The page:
China // Sichuan and Chongqing //

Chengdu and around

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One of the most pleasant areas of China to explore randomly, eastern Sichuan is focused around CHENGDU (成都, chéngdū), the relaxed provincial capital. Famed not least for its fiery cuisine, the city offers a number of easy excursions to nearby sights. Set on the western side of the Red Basin, Chengdu is a determinedly modern city, full of traffic, high-rise department stores and residential blocks. But it’s also a cheerful place: seasonal floral displays and ubiquitous ginkgo trees lend colour to its many excellent parks, rubbish is scrupulously collected, and the population is also nicely laidback, enjoying its teahouse culture at every opportunity and unfazed by this being interpreted as laziness by other Chinese.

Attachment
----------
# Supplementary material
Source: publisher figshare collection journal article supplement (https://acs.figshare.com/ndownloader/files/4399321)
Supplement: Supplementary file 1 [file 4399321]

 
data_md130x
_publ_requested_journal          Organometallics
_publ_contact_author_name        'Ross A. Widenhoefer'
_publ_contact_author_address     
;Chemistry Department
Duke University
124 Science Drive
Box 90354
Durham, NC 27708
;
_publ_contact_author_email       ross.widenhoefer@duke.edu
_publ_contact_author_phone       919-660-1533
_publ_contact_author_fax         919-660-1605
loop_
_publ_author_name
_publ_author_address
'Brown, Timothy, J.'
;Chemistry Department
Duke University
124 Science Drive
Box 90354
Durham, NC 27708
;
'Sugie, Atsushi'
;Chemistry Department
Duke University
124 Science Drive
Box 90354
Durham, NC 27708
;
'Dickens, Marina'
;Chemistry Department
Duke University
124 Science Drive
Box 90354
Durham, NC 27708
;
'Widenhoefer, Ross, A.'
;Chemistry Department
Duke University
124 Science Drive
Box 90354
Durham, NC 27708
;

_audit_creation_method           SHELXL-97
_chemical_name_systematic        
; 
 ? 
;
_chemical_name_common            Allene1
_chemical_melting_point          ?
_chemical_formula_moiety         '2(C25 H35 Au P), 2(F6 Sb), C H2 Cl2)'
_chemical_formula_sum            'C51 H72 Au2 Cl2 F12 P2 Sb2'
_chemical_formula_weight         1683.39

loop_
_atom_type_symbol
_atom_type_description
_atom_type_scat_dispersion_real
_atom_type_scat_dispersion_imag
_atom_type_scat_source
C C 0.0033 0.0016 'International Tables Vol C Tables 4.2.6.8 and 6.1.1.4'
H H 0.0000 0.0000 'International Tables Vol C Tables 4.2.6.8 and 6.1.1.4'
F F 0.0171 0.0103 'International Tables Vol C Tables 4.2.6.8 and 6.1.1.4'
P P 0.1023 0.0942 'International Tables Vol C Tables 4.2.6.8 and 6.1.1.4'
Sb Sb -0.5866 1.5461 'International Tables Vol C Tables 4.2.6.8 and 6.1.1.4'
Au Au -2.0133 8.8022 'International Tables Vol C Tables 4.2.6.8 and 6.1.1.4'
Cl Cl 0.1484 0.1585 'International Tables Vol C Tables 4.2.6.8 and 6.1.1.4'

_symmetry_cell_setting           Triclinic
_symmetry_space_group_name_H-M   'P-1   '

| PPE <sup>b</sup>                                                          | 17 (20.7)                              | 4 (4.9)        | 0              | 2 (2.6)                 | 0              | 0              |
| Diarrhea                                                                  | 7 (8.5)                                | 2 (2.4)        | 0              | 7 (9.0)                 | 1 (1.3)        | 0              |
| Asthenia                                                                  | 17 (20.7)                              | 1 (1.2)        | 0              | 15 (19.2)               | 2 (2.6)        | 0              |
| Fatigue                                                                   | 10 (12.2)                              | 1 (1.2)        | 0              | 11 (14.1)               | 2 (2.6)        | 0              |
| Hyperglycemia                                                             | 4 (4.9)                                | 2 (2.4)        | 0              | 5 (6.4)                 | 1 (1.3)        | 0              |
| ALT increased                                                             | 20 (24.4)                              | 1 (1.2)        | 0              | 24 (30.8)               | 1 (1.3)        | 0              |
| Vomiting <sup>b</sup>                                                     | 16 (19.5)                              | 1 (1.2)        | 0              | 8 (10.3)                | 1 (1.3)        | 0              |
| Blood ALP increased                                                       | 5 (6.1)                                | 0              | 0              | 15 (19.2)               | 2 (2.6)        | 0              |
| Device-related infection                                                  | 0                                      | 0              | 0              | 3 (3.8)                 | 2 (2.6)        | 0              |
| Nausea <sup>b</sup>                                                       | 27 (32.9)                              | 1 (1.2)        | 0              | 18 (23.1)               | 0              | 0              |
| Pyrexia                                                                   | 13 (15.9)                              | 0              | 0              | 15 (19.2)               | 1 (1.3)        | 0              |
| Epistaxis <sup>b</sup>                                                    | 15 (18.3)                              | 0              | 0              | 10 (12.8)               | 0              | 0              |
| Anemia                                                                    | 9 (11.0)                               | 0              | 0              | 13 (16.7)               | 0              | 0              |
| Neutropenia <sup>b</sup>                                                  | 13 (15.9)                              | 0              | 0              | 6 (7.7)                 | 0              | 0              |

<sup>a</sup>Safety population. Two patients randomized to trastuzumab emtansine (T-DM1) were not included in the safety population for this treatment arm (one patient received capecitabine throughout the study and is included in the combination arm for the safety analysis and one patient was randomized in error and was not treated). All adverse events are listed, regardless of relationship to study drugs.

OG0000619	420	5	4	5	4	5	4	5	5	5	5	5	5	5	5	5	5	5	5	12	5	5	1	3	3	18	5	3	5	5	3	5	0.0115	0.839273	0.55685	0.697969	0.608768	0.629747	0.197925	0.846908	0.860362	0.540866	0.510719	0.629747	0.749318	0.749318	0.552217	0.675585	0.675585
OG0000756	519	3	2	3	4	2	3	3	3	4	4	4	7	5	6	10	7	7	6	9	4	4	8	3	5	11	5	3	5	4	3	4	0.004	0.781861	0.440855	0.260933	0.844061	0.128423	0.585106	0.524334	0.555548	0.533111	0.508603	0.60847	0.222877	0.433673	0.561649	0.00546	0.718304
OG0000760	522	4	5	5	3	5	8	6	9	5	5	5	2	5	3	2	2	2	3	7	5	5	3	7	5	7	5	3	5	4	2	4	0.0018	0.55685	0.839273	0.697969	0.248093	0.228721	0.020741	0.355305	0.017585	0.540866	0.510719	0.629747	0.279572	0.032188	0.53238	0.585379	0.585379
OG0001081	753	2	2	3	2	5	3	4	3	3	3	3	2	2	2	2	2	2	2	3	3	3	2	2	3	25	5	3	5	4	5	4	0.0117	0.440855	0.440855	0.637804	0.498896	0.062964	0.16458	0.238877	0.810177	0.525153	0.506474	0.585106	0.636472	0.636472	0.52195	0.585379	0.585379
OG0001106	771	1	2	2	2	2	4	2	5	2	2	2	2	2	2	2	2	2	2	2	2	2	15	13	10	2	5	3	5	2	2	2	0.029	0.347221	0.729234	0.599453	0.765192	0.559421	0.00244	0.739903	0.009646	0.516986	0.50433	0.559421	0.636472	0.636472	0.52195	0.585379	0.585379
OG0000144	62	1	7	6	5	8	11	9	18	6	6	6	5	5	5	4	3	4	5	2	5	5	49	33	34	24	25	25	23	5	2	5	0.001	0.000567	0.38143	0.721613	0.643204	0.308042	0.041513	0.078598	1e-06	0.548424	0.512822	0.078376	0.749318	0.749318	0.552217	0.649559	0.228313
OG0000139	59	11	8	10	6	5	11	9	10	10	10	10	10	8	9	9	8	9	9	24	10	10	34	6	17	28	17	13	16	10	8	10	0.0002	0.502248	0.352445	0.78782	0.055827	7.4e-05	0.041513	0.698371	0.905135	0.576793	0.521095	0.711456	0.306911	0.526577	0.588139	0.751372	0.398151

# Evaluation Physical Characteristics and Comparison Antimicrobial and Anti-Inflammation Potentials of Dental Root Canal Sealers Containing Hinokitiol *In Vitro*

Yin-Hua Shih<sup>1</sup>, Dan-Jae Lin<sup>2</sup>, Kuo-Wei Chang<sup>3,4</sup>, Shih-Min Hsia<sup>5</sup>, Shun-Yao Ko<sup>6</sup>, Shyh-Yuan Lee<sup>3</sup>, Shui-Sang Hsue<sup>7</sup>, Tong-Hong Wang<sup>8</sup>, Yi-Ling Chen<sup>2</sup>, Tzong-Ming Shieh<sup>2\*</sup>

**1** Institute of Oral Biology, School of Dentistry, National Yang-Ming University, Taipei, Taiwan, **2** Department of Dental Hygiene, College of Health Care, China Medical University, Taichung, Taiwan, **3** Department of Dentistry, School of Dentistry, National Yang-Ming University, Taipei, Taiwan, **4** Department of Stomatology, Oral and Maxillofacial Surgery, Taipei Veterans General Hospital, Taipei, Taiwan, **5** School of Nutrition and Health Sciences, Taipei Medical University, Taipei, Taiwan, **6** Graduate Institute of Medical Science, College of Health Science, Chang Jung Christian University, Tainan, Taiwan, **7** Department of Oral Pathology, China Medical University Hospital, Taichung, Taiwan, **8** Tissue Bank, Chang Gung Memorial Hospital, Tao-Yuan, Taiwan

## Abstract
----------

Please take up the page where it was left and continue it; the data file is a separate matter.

Chengdu was styled Brocade City in Han times, when the urban elite were buried in elegantly decorated tombs, and its silk travelled west along the caravan routes as far as imperial Rome. A refuge for the eighth-century Tang emperor Xuan Zong after his army mutinied over his infatuation with the beautiful concubine Yang Guifei, the city later became a printing centre, producing the world’s first paper money. Sacked by the Mongols in 1271, Chengdu recovered soon enough to impress Marco Polo with its busy artisans and handsome bridges, since when it has survived similar cycles of war and restoration to become a major industrial, educational and business centre. There are some downsides – the city’s traffic congestion and pollution can be atrocious – but on the whole it’s not hard to spend a couple of days in Chengdu touring historical monuments, spiking your taste buds on one of China’s most outstanding cuisines, and getting close-up views of locally bred pandas. Further afield, you can make day-trips out to the picturesque  Qing-dynasty market town Huanglongxi or organize a flight or train to Tibet.

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